We’re on a first-name basis with Nintendo games. Mario. Zelda. Donkey Kong. But in today’s multi-billion dollar video game industry strong first-party brands aren’t enough. Nintendo knows this all too well. It’s previous console, the Wii U, was dogged by criticism that it didn’t have much to offer other than Nintendo games. So getting third-party support for the Nintendo Switch was a huge deal for the company when it formally revealed the hybrid console back in October 2016.
At E3 2017, the third-party partners were featured throughout the week. FIFA 18 from EA Sports and Skyrim from Bethesda were key titles in Nintendo’s E3 spotlight presentation as well as in each individual developers’ presentations.
However, fans have been vocal about the desire to see triple A games make their way onto the Nintendo Switch. But what exactly will it take to get studios to want and bring their most-anticipated titles to the new console?
“We want to certainly have all the great content on the Switch as we can find,” Charlie Scibetta, senior director of corporate communications for Nintendo of America, told Newsweek. “It’s up to our third-party partners to decide what they want to bring over or not. FIFA, for example, EA thought it’s a great experience to bring that franchise to life in a way that they can’t do on other consoles, like the ability to play on planes and in parks.”
Other home consoles like the PlayStation 4 and Xbox One had years to convince third-party developers to bring their titles to those platforms while the Nintendo Switch is still in its infancy.
The Nintendo Switch, despite its record-breaking numbers, is also still an unknown commodity somewhat marred by the Wii U’s failure. But there is good will between Nintendo and third-party developers, evidence by the 48 third-party partners that were announced last year, but Scibetta knows that Nintendo still has work to do to make the Switch a landing spot for the best games in the future.
“Our drive is, with our first-party software and third-party partners, to get enough units and software out there that the console has enough momentum,” Scibetta said. “We’re putting out as many units as we can, they are selling out quickly, and third-party studios will continue to see that momentum and install base grow. And then they’ll want to bring more and more of those top games to the Switch.”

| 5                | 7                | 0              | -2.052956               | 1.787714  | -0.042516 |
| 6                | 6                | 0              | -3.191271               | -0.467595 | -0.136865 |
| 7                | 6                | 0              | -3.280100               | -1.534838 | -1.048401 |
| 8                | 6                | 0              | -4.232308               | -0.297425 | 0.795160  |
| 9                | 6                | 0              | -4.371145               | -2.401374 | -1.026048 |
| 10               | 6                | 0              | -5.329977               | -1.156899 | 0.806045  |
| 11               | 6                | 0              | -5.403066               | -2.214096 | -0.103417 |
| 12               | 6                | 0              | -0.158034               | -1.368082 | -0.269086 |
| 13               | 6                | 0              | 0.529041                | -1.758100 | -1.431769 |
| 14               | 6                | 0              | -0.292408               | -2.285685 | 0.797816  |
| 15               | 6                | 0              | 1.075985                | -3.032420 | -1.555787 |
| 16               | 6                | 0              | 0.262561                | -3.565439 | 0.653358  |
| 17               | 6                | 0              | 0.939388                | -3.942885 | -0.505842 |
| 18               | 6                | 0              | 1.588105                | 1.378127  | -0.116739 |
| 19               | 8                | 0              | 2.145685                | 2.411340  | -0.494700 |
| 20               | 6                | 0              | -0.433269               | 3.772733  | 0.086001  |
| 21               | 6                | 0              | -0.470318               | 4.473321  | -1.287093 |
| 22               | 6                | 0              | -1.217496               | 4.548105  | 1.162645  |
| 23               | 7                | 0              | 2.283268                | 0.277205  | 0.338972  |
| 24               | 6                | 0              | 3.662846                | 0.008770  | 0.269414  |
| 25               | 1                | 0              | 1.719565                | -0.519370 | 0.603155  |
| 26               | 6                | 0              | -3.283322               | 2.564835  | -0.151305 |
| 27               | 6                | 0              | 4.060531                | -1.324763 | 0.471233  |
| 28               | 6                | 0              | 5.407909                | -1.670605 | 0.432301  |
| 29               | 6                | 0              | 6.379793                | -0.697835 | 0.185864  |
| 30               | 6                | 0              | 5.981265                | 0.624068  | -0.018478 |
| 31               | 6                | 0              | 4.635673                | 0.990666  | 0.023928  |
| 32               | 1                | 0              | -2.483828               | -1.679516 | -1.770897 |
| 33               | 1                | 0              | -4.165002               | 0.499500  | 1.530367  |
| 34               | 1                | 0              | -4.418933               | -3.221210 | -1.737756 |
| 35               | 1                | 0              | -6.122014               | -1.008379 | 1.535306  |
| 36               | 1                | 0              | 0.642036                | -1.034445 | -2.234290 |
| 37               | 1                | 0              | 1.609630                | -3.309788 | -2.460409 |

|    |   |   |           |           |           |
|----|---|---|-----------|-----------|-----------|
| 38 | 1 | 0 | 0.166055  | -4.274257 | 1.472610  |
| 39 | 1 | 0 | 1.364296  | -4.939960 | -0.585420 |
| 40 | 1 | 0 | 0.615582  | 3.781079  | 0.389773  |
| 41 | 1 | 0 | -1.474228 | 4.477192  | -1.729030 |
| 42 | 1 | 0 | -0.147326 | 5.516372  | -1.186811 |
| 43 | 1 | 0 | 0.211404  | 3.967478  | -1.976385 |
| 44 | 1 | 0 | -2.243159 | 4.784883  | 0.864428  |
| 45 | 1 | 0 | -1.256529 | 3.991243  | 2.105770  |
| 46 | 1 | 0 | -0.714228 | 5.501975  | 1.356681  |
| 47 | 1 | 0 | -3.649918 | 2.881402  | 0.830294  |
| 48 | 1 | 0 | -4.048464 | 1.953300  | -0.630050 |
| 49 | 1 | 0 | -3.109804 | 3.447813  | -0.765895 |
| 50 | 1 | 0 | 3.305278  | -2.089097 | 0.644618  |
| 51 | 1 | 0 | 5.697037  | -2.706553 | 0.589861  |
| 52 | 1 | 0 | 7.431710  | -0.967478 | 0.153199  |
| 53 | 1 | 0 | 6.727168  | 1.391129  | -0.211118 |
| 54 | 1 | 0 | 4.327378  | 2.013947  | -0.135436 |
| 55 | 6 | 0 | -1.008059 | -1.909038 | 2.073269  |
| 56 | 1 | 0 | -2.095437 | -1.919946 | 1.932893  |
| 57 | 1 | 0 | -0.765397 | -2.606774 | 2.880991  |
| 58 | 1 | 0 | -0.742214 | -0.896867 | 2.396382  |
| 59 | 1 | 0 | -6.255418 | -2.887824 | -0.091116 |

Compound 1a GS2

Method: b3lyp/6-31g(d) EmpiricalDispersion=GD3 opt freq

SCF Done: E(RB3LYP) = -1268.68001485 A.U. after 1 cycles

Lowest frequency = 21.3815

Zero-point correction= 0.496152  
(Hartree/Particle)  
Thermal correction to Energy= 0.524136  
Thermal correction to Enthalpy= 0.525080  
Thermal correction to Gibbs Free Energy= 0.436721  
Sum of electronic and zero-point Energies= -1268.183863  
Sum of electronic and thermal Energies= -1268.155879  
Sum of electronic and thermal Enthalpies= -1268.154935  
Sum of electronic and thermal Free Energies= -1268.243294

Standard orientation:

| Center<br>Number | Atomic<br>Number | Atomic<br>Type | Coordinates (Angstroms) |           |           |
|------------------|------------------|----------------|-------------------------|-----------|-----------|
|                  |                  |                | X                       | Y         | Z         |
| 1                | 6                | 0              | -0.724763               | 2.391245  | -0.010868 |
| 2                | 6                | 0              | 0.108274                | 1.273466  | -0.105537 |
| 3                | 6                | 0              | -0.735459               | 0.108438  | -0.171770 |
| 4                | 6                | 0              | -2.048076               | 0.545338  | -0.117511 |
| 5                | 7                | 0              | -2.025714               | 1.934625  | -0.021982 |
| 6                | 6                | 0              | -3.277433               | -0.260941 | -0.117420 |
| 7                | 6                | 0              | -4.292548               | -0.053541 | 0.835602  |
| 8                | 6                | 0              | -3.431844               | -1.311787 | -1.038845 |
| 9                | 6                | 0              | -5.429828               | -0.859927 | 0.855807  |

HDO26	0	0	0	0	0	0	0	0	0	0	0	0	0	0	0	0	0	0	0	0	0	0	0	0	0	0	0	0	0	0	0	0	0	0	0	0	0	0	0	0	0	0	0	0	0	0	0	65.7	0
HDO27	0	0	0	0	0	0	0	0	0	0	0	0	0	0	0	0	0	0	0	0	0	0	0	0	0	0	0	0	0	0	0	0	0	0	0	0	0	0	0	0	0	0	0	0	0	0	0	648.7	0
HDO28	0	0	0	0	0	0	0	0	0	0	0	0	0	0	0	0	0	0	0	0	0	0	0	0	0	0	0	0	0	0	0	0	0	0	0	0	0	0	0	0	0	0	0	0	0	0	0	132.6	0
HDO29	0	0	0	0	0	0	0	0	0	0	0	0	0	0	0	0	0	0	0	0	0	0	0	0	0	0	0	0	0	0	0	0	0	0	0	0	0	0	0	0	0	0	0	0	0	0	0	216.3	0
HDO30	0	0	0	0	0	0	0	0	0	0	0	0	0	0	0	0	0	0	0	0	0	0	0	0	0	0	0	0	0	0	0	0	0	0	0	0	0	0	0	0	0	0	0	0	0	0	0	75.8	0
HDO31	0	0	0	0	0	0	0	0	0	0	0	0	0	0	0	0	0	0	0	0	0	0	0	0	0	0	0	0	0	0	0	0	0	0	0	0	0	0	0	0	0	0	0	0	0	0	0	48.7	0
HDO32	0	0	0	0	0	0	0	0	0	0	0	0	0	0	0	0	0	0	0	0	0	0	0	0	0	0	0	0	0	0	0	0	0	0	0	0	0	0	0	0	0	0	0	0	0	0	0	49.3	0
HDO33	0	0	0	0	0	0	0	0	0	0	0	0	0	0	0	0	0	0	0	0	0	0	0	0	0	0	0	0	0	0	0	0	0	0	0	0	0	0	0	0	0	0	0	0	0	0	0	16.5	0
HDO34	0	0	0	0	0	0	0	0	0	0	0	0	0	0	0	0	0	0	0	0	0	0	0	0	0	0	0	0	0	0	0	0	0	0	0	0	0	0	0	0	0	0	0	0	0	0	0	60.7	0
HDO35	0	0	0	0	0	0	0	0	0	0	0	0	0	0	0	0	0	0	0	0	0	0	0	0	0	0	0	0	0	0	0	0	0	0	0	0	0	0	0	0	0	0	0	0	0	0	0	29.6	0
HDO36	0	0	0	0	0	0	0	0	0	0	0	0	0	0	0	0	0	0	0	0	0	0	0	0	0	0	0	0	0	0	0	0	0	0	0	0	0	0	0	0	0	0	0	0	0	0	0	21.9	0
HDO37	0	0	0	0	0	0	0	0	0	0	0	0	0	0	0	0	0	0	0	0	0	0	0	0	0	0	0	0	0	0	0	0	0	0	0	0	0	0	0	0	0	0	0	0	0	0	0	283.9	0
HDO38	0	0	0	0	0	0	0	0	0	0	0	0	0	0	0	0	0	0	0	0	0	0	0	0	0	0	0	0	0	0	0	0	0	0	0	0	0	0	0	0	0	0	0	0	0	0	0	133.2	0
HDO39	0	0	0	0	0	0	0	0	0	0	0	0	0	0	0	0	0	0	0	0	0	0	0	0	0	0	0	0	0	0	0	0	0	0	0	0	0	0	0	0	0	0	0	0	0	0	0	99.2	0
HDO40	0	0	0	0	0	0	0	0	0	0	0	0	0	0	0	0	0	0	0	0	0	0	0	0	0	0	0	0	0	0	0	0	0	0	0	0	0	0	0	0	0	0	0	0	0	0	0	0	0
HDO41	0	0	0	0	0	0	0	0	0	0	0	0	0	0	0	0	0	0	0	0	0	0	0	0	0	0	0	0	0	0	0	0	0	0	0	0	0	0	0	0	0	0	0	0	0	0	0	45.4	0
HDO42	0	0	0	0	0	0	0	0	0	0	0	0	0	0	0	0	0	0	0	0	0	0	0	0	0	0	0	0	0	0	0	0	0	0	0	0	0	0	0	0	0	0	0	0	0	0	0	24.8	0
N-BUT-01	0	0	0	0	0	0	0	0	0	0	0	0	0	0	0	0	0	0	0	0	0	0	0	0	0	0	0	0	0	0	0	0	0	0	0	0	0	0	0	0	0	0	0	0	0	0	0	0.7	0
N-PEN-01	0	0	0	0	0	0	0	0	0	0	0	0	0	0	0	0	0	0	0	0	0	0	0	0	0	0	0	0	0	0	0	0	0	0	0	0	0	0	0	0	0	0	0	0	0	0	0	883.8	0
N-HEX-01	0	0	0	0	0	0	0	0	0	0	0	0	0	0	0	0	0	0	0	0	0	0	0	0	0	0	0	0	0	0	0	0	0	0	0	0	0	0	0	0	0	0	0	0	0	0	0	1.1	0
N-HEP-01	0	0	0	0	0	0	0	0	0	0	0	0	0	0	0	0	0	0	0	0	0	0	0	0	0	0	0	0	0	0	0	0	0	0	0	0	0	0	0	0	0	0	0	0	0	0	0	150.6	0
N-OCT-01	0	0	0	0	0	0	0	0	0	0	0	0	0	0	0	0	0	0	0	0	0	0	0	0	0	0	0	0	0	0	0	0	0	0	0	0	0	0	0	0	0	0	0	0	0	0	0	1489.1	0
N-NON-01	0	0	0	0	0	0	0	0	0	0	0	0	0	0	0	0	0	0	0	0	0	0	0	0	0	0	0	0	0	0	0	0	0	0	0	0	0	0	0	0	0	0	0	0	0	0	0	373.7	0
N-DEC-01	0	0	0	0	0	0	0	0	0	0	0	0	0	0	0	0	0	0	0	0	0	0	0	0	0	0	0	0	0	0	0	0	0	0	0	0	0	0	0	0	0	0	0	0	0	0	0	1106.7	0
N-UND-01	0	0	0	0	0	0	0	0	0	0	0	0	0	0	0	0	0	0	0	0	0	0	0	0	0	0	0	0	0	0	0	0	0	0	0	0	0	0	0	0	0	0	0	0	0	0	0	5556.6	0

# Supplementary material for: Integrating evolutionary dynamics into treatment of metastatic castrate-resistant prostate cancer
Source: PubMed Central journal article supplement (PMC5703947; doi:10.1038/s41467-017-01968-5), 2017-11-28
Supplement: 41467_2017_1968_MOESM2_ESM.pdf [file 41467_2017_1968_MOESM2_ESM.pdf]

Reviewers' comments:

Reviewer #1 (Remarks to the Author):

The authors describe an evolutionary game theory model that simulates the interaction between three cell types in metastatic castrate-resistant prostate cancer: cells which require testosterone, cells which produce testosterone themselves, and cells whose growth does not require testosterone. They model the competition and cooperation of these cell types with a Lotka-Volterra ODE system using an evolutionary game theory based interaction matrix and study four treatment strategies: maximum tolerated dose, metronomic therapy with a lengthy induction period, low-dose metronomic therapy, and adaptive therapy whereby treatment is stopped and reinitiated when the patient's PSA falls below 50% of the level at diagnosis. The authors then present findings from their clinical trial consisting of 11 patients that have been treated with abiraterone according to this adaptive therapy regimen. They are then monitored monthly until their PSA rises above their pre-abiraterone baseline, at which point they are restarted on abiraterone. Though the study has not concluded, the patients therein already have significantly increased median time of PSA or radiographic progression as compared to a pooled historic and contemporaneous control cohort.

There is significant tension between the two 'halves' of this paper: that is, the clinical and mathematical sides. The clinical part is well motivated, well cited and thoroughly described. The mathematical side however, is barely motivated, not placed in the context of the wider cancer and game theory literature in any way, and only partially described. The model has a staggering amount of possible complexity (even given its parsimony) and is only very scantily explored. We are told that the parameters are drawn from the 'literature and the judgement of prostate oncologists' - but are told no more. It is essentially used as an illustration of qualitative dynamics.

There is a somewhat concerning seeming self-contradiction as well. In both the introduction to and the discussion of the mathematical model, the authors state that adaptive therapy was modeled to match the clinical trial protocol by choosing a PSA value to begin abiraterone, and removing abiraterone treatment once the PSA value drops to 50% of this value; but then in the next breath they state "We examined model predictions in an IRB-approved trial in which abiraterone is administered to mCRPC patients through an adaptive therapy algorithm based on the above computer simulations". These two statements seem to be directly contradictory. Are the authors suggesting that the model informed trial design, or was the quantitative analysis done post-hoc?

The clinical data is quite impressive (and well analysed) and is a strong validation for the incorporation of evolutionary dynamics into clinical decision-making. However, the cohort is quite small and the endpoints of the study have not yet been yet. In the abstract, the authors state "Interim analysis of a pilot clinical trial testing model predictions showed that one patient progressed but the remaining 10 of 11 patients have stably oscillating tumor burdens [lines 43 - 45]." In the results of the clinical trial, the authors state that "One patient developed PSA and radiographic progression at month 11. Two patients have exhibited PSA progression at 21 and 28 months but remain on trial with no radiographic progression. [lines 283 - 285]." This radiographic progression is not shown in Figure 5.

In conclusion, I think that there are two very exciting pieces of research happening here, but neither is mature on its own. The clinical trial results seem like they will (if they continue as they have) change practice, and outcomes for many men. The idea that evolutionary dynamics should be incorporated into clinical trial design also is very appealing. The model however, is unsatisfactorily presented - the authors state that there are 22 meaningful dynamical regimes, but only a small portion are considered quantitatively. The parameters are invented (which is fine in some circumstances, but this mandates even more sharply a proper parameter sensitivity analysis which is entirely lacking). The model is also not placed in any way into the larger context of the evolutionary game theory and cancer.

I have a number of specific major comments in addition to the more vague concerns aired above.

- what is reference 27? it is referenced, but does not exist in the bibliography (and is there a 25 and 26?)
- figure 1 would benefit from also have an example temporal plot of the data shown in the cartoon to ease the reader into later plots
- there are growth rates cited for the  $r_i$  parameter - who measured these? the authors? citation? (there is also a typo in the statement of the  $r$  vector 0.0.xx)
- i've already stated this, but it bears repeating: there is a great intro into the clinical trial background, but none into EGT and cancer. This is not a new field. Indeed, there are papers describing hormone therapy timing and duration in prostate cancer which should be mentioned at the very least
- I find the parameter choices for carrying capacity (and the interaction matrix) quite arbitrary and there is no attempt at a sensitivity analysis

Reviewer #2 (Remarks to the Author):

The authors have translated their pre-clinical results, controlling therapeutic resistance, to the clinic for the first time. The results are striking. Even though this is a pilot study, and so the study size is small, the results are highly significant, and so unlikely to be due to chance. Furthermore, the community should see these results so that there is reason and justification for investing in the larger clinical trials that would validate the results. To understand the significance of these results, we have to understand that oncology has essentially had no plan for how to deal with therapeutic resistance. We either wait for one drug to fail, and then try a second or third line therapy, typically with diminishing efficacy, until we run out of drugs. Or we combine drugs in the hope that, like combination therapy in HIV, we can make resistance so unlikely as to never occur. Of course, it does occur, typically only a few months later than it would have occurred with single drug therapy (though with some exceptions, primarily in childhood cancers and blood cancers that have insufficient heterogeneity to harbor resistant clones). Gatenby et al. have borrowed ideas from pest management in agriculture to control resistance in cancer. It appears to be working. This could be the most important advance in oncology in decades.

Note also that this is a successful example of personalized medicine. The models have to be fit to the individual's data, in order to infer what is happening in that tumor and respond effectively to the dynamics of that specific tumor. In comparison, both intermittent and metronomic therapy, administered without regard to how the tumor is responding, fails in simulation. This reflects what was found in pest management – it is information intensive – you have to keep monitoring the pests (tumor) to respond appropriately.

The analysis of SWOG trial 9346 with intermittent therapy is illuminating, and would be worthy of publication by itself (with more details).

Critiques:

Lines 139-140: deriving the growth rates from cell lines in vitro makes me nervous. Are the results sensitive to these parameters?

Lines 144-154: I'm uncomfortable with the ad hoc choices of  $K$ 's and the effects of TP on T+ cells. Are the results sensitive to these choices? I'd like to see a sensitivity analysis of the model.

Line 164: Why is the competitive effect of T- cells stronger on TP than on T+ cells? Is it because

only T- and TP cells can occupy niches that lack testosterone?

“So it’s our job to work with them, help them understand how to use the hardware, help them to understand the best way to bring their franchises by using the control schemes, bringing out the Joy Cons, sharing that. Our publisher and developer relations team keep working with third-parties to help them understand the opportunities that exist on the system.”
Increasing the install base and showing off that momentum to third-parties will be difficult for Nintendo if they don’t manage the Switch’s demand better, a problem that Scibetta acknowledges.
The company sold 2.5 million units in the first month, making the Switch the fastest selling console in Nintendo’s history, but that high demand has caused shortages for Nintendo.
“The demand has been great. We built up a quantity prior to launch because we wanted to have a big quantity that first month,” Scibetta said. “First of all, we have to make sure we make a quality system. It would be irresponsible to not do that. We have to make sure we have units when key titles launch. We have Super Mario Odyssey coming this October. We have to make sure we have a lot of units ready to go and we’re working with retailers to get as much out as fast as possible.”
“It’s a balancing act. We could have waited past March, we could have waited all the way until this holiday so we can build up a huge surplus. But we wanted to get the system out there, we wanted people to play and enjoy it. We hear the frustrations, it’s not like we don’t. We’re frustrated, too. So we’re doing everything we can to make it happen.”